While Canadians are expected to spend billions on legal marijuana, governments won’t see a huge boost in tax revenues right out of the gate, warns Canada’s Parliamentary Budget Officer.
In a report released today studying the fiscal considerations of legalizing marijuana, Jean-Denis Fréchette suggests initial revenue for governments from taxation could be in the hundreds of millions of dollars, rather than billions.
But as the market matures, those revenues are likely to grow, according to the analysis. Fréchette expects production costs for the industry will decline and suggests governments could collect a portion of the cost savings.
He also expects more Canadians to opt into the legal market as it becomes more entrenched.
It also suggests that industry stakeholders believe legal marijuana could be sold as early as January of 2018.
Where will the money go?
Prime Minister Justin Trudeau has carefully framed legalization as public safety issue, rather than a financial one. Trudeau said marijuana should be legalized to stop young people from using the drug and to take away profits from organized crime.
When it comes to revenues for the government, Trudeau has suggested the money should go to addiction treatment, mental health support and education programs.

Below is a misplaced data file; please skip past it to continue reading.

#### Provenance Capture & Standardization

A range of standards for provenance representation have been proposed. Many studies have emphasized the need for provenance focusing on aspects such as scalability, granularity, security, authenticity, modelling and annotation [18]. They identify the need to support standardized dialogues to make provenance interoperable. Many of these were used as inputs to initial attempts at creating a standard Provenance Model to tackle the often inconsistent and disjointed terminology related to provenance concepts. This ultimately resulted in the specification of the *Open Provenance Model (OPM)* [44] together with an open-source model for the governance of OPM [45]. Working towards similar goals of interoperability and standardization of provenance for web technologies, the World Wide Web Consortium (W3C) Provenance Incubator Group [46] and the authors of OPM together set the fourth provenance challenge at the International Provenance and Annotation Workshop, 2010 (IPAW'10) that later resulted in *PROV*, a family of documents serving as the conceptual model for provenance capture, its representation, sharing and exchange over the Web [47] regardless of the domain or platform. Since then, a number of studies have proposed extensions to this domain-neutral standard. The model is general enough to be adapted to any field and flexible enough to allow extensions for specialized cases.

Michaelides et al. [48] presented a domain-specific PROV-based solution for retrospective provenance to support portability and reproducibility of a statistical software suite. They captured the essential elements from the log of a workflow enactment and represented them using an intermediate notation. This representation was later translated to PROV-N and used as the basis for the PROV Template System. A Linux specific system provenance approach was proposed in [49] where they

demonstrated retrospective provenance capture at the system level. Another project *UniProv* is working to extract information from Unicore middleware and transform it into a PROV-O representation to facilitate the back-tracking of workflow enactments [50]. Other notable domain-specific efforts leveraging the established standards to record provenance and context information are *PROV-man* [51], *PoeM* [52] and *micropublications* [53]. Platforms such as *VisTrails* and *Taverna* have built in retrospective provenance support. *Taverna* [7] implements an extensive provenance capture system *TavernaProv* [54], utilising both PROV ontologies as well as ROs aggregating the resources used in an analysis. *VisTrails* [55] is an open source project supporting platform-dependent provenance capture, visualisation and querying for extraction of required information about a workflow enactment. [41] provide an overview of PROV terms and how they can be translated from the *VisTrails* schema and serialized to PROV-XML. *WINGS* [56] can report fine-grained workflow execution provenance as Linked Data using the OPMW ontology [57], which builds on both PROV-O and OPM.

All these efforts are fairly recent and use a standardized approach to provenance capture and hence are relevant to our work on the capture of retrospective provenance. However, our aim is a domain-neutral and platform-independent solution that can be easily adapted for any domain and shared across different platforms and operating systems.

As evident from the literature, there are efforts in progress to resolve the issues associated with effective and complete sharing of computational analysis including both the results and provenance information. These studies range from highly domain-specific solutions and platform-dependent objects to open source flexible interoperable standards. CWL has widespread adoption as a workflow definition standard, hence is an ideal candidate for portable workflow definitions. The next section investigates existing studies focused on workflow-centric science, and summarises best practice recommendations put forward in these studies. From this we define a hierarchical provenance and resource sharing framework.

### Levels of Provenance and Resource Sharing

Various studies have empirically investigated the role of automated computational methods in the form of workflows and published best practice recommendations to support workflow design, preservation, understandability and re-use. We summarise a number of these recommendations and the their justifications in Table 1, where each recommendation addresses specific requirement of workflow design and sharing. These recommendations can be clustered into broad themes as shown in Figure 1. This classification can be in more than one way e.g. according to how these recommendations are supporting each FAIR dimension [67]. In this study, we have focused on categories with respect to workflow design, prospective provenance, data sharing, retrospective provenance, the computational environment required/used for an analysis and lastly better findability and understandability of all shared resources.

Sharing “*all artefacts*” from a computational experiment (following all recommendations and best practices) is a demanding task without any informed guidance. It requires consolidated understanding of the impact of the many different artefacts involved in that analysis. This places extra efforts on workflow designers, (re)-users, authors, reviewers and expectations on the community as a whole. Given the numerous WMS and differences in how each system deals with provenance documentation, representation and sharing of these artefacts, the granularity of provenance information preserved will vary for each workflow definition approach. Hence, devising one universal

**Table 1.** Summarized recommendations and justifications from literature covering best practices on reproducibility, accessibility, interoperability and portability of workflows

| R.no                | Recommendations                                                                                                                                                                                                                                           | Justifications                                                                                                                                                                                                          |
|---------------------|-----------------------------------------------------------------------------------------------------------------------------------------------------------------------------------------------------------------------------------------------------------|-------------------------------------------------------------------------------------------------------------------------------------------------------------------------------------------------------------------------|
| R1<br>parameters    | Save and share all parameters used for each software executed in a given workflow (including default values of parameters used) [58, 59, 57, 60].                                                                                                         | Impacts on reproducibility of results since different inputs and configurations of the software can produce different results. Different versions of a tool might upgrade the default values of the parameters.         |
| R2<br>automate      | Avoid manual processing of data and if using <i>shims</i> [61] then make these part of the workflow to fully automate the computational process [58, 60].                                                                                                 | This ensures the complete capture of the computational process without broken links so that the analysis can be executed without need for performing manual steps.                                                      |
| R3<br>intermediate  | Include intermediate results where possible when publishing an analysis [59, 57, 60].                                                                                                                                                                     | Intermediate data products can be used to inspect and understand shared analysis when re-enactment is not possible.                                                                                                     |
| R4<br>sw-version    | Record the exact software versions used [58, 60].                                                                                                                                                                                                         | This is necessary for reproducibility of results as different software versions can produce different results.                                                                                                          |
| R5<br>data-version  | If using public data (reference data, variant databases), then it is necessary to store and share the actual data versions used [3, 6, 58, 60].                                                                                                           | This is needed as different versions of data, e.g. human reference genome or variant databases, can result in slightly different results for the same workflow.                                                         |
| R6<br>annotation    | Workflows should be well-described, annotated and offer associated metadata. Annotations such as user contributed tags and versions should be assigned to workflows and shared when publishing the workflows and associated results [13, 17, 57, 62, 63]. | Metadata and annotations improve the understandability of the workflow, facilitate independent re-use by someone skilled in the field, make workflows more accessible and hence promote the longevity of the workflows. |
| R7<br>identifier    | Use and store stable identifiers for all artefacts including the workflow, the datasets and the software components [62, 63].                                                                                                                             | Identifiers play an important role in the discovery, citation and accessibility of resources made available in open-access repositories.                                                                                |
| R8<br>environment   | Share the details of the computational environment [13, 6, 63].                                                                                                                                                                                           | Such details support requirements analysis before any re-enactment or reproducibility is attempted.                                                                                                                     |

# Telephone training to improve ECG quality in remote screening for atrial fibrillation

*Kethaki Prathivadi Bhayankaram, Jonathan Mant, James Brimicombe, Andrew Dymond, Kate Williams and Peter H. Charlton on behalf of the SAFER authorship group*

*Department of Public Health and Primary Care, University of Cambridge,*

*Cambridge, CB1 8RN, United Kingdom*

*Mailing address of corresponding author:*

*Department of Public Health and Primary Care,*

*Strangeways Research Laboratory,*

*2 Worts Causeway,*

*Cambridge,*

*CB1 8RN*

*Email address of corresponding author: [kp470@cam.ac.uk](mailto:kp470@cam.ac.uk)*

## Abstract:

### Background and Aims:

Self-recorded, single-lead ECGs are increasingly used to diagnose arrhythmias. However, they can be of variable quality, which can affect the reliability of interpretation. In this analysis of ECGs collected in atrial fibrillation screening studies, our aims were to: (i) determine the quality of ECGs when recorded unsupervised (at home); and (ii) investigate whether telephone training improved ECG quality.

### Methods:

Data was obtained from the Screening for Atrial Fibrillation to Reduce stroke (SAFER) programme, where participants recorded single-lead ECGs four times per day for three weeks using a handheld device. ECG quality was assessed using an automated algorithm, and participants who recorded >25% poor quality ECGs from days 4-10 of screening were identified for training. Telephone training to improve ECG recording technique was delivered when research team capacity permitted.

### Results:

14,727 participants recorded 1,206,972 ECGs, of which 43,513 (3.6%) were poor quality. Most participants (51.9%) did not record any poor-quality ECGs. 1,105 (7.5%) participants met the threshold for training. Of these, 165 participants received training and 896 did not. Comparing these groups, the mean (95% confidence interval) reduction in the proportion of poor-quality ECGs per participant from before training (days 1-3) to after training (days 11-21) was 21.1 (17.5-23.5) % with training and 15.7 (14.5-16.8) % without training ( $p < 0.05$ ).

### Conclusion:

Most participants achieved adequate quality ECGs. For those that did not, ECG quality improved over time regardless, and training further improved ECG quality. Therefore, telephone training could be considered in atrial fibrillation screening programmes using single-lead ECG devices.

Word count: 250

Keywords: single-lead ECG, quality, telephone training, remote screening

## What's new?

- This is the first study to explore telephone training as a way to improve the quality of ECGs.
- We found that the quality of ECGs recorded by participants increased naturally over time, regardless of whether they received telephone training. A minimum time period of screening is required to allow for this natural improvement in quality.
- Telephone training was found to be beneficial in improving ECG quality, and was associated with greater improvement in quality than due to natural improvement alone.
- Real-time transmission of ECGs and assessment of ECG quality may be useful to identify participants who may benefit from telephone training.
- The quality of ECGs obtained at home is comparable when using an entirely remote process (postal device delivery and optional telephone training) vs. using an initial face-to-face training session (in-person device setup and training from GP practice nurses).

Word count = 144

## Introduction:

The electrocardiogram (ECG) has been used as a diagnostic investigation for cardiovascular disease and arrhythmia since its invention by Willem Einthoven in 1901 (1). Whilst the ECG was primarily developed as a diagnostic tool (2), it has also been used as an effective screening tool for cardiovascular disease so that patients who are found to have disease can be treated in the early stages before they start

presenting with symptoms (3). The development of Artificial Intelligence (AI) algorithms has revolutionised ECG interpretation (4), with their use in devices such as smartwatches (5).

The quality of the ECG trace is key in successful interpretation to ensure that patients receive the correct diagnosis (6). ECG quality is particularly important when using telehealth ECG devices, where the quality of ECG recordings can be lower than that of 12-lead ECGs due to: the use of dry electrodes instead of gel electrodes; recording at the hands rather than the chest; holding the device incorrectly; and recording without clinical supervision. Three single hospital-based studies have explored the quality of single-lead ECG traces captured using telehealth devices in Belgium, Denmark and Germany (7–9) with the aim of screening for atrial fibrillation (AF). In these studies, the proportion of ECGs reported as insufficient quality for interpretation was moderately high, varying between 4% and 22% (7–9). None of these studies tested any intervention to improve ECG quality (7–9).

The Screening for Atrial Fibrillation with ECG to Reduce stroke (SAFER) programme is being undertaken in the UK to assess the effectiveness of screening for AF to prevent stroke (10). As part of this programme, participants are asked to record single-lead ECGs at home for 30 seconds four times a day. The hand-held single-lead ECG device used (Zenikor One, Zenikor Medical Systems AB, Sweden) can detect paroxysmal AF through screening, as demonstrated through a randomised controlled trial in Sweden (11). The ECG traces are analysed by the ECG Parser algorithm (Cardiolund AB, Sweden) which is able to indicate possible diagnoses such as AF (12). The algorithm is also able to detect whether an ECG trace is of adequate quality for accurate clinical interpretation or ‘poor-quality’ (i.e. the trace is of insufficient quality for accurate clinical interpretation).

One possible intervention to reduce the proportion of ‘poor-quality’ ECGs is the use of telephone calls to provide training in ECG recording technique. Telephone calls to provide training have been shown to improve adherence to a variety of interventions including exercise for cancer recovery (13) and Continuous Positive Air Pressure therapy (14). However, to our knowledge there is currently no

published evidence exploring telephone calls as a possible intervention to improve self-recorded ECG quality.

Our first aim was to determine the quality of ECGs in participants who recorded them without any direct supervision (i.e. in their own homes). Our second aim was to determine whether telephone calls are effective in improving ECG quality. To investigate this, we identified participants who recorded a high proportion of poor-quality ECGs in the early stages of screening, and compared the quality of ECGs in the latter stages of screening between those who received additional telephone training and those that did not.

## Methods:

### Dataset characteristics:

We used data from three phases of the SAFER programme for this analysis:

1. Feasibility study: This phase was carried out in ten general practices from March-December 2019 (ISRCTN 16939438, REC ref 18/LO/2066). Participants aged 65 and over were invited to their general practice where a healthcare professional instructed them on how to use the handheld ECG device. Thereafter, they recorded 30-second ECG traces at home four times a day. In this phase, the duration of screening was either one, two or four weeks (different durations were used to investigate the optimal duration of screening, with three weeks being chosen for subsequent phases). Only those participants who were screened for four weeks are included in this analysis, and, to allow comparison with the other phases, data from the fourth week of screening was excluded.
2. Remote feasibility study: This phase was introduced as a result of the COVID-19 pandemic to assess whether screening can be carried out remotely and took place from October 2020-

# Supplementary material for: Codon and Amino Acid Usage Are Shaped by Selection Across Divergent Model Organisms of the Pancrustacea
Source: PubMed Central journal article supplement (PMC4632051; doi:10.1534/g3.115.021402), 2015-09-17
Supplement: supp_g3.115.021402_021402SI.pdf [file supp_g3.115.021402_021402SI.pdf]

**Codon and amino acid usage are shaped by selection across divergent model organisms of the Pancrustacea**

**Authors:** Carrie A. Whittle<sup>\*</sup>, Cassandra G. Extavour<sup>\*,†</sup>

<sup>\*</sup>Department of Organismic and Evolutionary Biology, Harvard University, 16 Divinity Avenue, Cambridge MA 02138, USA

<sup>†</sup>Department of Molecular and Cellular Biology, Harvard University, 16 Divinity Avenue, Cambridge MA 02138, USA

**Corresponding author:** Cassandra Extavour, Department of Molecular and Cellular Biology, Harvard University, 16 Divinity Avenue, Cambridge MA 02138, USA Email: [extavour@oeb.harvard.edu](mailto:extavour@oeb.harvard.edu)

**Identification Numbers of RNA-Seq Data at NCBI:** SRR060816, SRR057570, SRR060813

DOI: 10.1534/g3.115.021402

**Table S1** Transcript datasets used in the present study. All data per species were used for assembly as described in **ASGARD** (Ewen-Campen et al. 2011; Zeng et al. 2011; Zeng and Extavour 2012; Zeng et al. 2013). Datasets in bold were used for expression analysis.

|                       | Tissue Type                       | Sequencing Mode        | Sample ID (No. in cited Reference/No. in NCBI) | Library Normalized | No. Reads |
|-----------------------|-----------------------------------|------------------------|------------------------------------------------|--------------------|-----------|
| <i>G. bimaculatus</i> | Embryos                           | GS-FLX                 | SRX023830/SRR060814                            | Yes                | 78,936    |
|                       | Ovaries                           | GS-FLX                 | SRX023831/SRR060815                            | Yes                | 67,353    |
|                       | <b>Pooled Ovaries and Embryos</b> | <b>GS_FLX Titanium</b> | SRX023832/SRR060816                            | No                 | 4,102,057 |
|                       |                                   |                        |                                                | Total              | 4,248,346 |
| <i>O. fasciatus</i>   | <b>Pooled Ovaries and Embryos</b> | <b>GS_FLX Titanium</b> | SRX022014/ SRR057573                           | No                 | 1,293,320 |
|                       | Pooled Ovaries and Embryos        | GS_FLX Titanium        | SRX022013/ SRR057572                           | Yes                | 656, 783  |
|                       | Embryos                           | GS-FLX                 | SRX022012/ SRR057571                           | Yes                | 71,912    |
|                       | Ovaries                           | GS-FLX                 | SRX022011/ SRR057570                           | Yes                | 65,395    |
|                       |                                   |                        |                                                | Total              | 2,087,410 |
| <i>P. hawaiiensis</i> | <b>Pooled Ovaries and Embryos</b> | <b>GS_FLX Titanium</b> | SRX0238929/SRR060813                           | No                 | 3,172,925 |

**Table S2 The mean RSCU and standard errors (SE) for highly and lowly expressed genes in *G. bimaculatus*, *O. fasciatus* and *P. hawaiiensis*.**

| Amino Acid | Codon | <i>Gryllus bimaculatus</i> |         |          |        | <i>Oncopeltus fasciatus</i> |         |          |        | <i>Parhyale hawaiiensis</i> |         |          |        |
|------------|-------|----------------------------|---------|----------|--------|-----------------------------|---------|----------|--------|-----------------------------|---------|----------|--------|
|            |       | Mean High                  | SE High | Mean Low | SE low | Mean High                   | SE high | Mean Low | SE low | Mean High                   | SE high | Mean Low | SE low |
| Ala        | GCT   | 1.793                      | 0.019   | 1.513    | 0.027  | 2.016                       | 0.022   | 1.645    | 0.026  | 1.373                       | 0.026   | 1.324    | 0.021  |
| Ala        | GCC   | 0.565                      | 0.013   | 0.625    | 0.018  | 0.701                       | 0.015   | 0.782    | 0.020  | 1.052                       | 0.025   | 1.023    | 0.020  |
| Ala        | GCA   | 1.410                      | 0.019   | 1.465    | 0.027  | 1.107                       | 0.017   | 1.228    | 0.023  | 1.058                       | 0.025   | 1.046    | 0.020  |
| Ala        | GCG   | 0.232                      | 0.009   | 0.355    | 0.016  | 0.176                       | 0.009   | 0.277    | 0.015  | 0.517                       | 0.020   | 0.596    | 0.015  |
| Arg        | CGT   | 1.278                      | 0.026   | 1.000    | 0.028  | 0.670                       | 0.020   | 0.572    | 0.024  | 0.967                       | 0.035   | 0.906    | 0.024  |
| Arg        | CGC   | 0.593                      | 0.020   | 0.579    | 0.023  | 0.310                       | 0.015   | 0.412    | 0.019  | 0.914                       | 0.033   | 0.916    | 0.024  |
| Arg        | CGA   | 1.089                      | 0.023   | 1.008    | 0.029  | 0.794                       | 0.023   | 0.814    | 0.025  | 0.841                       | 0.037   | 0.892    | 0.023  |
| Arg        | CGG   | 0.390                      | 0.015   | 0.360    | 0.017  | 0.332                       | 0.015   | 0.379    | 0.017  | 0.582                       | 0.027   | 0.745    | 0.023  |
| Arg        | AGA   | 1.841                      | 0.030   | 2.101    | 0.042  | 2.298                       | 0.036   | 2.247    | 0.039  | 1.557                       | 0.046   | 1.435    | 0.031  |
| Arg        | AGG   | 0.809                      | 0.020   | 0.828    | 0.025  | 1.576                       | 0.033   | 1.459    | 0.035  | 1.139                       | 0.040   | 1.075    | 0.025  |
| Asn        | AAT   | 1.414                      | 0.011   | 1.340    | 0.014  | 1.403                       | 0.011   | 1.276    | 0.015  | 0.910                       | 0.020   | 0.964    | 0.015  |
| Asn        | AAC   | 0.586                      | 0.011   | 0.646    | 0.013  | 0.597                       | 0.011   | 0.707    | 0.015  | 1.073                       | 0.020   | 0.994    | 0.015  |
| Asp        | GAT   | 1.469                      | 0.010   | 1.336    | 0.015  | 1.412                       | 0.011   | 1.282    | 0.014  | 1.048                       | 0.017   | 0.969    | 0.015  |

The report suggests that 60 per cent of tax revenues would go to provincial governments, with the remainder going to the federal government.
How much tax?
The report identifies a central conundrum for the government: higher pot prices could discourage younger uses from consuming, but might encourage the illicit market.
PBO officials suggest the legal sale of marijuana could begin as early as January 2018. In the first three years, it expects the number of cannabis users aged 15 and over to grow by more than half a million, rising to an estimated 5.2 million in 2021.
It estimates that 98 per cent of cannabis sales would come from those who consume at least once a week or daily.
The head of Canada’s marijuana regulation and legalization task force has warned about the initial costs of legalization.
“People — and I think the provinces, the territories and the government of Canada — understand this: do not expect big revenues in the early years,” Anne McLellan, the head of Canada’s marijuana legalization and regulation task force, told CBC News in September.
“In fact, there are going to be up-front costs that governments at all levels are going to have to absorb.”
Prime Minister Justin Trudeau promised to legalize marijuana in the lead-up to the October 2015 election, saying it would help stop young people from using the drug and take money away from organized crime. Since then, the Liberal government has pledged to put forward legislation in spring 2017.
The task force’s report advising the government on a range of issues, from where to sell marijuana to the legal age of consumption, is due to be handed over by the end of November.